This podcast was made possible through different individuals and institutions dedicated to the histories of Santa Ana. The Santa Ana Public Library partnered with Cal State Fullerton’s Grand Central Art Center and the Studio for Southern California History to train teens to collect oral histories from the Townsend/Raitt neighborhood. Project mentors trained youth participants to collect, archive, and share the underreported stories of survival from one the nation’s most at-risk communities. Over the course of 12 months the participants recorded video interviews with survivors of violence. Community impactful projects like this are made possible through the generous support of foundations, corporate sponsorships, and the generosity of individuals who believe in the mission and purpose of such collaborative efforts.  This collaboration with Santa Ana Public Library has been fortunate to receive support from a Cal Humanities 2013 Community Stories grant, but additional funding and in-kind support is needed to realize this project, as well as other projects in the works, to their fullest and most positive impactful outcomes.

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Manuel “Manny” Escamilla – Is the archivist for the Santa Ana History Room at the Santa Ana Public Library. He received an AA from Santa Ana College in 2006, a BA in History from UC Berkeley in 2008, and is in the first year of his MLIS at UCLA as an Inland Empire LEADS fellow.  He has interned the Emma Goldman Papers at UC Berkeley, the Special Collections Department at UCI, and the Chicano Research Center at UCLA. With the aid of a 2008 McNair Scholarship, Manny organized an independent research project at the U.K. National Archives in London.  As the archivist for the Santa Ana History Room he has concentrated on increasing the archives collection of historically underrepresented minorities and creating innovative youth outreach programming for the ‘Teen Community Historians.’ As a 2010 Eureka fellow he completed the “Our Lives Our History” project that helped youth volunteers collect 35 oral history interviews of recent immigrants from various states of Mexico. He is currently the Project Director for ‘The Raitt Street Chronicles: A Survivors’ Oral History’ and the upcoming ‘Santa Ana Civic Archive: Connecting Future Leaders to their Community’s Civic Past.’ Additionally he serves as the Programming Chair for UCLA’s Student Chapter of the Society of American Archivists and is an active member of OC REFORMA.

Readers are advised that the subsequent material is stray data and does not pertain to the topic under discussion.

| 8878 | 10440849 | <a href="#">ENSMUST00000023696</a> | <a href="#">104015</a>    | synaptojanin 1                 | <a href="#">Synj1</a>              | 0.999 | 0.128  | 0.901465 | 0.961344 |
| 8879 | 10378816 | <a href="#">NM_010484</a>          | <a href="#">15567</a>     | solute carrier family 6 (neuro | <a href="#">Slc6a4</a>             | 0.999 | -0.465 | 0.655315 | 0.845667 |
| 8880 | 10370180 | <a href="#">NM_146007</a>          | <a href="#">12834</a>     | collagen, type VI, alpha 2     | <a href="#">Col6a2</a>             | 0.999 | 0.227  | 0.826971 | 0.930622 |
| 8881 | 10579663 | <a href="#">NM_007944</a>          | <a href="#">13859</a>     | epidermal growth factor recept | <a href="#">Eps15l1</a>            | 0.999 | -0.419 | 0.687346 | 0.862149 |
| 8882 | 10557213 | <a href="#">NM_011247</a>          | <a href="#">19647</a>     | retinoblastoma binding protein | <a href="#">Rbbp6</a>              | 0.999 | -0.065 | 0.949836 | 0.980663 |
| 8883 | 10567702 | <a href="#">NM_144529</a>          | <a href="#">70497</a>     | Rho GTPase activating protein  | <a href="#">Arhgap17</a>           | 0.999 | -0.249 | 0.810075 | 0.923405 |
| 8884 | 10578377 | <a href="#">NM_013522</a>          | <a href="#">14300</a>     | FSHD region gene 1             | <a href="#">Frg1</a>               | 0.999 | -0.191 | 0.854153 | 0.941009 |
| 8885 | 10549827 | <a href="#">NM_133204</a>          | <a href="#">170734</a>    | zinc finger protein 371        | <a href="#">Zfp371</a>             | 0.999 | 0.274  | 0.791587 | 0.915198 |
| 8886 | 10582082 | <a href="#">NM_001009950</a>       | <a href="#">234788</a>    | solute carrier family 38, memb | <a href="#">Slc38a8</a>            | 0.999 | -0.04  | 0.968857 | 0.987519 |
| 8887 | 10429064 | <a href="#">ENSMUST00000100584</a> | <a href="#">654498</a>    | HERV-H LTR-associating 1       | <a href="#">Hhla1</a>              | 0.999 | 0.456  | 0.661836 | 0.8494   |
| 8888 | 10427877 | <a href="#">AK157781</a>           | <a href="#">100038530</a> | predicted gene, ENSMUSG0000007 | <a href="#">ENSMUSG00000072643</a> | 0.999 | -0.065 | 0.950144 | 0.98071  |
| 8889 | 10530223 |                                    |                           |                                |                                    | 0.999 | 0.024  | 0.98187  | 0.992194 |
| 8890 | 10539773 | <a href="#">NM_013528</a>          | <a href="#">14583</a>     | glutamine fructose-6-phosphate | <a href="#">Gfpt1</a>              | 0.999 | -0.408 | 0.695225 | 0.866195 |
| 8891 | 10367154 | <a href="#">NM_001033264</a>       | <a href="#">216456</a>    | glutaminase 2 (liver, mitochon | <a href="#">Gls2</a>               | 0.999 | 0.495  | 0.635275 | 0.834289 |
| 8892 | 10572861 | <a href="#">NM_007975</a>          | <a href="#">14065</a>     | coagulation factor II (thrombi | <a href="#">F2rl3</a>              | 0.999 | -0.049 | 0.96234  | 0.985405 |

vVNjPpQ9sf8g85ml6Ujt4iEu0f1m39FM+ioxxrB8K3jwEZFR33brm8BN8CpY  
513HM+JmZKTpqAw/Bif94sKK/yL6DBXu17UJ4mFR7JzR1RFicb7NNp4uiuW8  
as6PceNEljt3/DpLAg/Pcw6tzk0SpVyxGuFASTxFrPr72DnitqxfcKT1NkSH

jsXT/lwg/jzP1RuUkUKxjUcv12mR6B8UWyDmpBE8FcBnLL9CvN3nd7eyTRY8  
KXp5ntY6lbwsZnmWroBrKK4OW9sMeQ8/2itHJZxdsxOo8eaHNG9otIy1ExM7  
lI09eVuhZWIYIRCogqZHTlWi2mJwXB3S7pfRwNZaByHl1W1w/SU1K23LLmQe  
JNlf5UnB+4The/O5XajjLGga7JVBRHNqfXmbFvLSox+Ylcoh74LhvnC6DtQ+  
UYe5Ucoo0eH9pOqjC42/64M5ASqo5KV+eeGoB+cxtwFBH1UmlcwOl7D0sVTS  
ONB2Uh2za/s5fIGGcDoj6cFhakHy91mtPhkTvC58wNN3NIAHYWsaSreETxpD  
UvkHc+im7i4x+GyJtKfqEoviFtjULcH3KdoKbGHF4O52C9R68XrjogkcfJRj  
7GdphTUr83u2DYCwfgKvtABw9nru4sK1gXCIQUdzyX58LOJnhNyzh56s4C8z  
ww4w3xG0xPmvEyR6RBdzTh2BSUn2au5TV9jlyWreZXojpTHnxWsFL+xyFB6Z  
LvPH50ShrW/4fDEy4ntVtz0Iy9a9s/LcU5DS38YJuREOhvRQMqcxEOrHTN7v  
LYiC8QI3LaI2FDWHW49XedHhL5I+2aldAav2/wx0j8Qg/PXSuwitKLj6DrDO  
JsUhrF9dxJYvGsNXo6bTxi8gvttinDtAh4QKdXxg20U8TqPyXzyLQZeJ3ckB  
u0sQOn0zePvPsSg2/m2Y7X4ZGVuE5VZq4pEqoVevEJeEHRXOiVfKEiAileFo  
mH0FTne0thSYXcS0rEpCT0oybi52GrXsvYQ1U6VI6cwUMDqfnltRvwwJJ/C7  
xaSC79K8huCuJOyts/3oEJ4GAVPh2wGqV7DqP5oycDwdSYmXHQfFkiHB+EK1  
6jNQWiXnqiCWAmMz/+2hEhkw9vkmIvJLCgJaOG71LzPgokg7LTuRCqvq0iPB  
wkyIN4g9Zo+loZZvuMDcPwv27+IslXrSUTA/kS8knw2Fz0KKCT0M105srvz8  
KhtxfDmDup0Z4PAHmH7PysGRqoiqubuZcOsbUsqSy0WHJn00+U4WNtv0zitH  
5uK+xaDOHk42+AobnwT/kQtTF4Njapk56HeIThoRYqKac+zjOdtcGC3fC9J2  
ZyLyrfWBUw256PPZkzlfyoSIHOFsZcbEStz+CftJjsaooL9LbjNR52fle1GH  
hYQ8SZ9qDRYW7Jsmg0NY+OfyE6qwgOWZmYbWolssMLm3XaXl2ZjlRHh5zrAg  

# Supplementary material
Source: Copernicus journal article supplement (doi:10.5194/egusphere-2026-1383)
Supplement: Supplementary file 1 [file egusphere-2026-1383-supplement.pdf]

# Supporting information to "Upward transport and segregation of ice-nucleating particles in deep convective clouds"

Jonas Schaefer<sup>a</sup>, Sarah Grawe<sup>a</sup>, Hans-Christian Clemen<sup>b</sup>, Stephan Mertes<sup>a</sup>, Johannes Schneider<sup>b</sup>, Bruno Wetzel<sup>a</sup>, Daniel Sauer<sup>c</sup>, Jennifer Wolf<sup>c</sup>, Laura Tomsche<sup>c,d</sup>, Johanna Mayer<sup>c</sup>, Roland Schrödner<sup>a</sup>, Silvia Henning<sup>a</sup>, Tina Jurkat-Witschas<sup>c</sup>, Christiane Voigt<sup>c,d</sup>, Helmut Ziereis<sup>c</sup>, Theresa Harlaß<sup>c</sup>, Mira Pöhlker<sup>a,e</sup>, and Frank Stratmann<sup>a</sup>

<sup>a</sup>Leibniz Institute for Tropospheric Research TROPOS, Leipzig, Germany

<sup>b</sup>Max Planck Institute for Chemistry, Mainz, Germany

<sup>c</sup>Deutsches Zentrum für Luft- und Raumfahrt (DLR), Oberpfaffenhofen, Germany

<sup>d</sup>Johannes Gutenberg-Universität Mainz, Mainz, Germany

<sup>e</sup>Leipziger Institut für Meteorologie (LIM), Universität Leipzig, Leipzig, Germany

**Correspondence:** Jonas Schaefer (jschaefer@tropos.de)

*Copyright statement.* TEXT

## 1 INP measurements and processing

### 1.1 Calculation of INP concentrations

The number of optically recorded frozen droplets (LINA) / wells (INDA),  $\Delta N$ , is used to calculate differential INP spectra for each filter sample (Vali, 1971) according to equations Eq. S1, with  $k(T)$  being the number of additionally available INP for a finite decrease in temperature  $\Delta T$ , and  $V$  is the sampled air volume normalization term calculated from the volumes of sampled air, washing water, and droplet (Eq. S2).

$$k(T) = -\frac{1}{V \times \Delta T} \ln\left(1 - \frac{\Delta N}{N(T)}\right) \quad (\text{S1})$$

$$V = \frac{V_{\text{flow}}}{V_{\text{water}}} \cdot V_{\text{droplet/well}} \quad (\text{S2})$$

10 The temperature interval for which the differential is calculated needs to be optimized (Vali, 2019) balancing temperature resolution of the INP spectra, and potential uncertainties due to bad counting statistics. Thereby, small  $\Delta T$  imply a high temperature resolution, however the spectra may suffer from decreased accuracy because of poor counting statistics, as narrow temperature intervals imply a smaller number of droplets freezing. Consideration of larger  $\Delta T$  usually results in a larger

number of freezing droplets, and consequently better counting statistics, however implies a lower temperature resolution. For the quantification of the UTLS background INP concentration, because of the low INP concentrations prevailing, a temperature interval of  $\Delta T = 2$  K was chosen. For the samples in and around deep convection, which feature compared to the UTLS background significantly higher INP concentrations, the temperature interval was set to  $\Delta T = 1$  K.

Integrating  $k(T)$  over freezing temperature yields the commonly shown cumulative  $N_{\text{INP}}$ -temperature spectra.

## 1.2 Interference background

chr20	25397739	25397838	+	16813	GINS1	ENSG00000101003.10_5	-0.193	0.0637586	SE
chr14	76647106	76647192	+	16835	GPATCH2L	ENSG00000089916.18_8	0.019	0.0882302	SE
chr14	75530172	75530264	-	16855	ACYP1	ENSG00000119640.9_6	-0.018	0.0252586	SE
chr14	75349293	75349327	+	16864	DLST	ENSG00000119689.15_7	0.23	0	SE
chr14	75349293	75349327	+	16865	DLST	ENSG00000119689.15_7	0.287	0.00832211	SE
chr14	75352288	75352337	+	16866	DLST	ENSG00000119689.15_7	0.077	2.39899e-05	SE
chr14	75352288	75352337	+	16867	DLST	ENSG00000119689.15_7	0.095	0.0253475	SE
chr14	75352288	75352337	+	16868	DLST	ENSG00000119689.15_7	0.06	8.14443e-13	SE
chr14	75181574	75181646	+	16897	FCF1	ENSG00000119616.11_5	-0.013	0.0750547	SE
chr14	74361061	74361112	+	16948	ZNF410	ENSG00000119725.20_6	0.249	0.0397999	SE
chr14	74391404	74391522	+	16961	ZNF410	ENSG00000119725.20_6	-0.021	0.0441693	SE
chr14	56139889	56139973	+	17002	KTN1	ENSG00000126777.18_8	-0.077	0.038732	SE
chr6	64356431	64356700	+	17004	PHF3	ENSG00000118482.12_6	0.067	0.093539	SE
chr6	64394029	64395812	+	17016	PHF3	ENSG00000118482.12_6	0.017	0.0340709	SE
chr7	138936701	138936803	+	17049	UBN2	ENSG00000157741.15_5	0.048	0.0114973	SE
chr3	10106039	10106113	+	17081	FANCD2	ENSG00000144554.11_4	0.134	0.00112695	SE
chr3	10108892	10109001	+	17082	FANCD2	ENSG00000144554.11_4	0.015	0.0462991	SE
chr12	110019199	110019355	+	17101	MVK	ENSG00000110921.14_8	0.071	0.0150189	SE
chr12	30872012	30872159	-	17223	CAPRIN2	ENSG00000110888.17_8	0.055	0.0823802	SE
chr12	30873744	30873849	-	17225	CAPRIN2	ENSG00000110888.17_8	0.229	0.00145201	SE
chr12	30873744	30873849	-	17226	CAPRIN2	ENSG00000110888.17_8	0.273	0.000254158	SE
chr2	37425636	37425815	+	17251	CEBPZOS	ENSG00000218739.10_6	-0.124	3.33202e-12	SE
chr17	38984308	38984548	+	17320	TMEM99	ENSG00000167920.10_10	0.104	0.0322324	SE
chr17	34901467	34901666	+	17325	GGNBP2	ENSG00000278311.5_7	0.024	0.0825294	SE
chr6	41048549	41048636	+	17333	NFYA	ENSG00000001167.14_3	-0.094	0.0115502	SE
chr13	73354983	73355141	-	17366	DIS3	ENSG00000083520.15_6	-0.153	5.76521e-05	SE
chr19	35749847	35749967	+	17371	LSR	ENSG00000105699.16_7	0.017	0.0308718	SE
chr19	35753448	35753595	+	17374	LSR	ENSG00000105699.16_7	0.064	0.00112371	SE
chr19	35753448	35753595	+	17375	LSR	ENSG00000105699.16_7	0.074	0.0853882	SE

Since earning her PhD in History from the University of Southern California (USC) in 2002, Sharon Sekhon has explored the integration of critical local history into public discourse. Over 2003 – 2005, Sekhon was a Postdoctoral Fellow at the Institute for Multimedia Literacy at the Annenberg Center for Communication at USC. There, she worked with faculty in developing discipline-driven, multimedia scholarship and curricula. She was the Principal Investigator for the Holiday Bowl History Project, a place-based, cross institutional  online oral history project on the Holiday Bowl bowling alley in the Crenshaw neighborhood of Los Angeles. Sekhon founded the history  organization the Studio for Southern California History (Studio) in 2006. The Studio uses participatory methods to create conversations about our shared spaces across Southern California. The Studio’s work is showcased on the LA History Archive at www.lahistoryarchive.org. In addition, Sekhon has taught in the Department of American Studies at California State University Fullerton since 1999.

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Sounding Out! Podcast #21: Jonathan Skinner at the Rutgers University Center for Cultural Analysis

Jonathan Skinner at The Rutgers Center for Cultural Analysis.

Jonathan Skinner at The Rutgers Center for Cultural Analysis.


CLICK HERE TO DOWNLOAD: Jonathan Skinner at the Rutgers University Center for Cultural Analysis

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This week’s podcast is a companion piece to our prior podcast Animal Transcriptions, Listening to the Lab of Ornithology. In this series of excerpts from Skinner’s three hour seminar at the Rutgers University Center for Cultural Analysis, Skinner discusses the importance of sound studies scholarship to his work. Ecopoetics, soundscapes, animal communication, and the post-human are all discussed in this lively roundtable! Listen in as Skinner explains the practice of sound poetry, and the importance of Sound Studies to his methodology.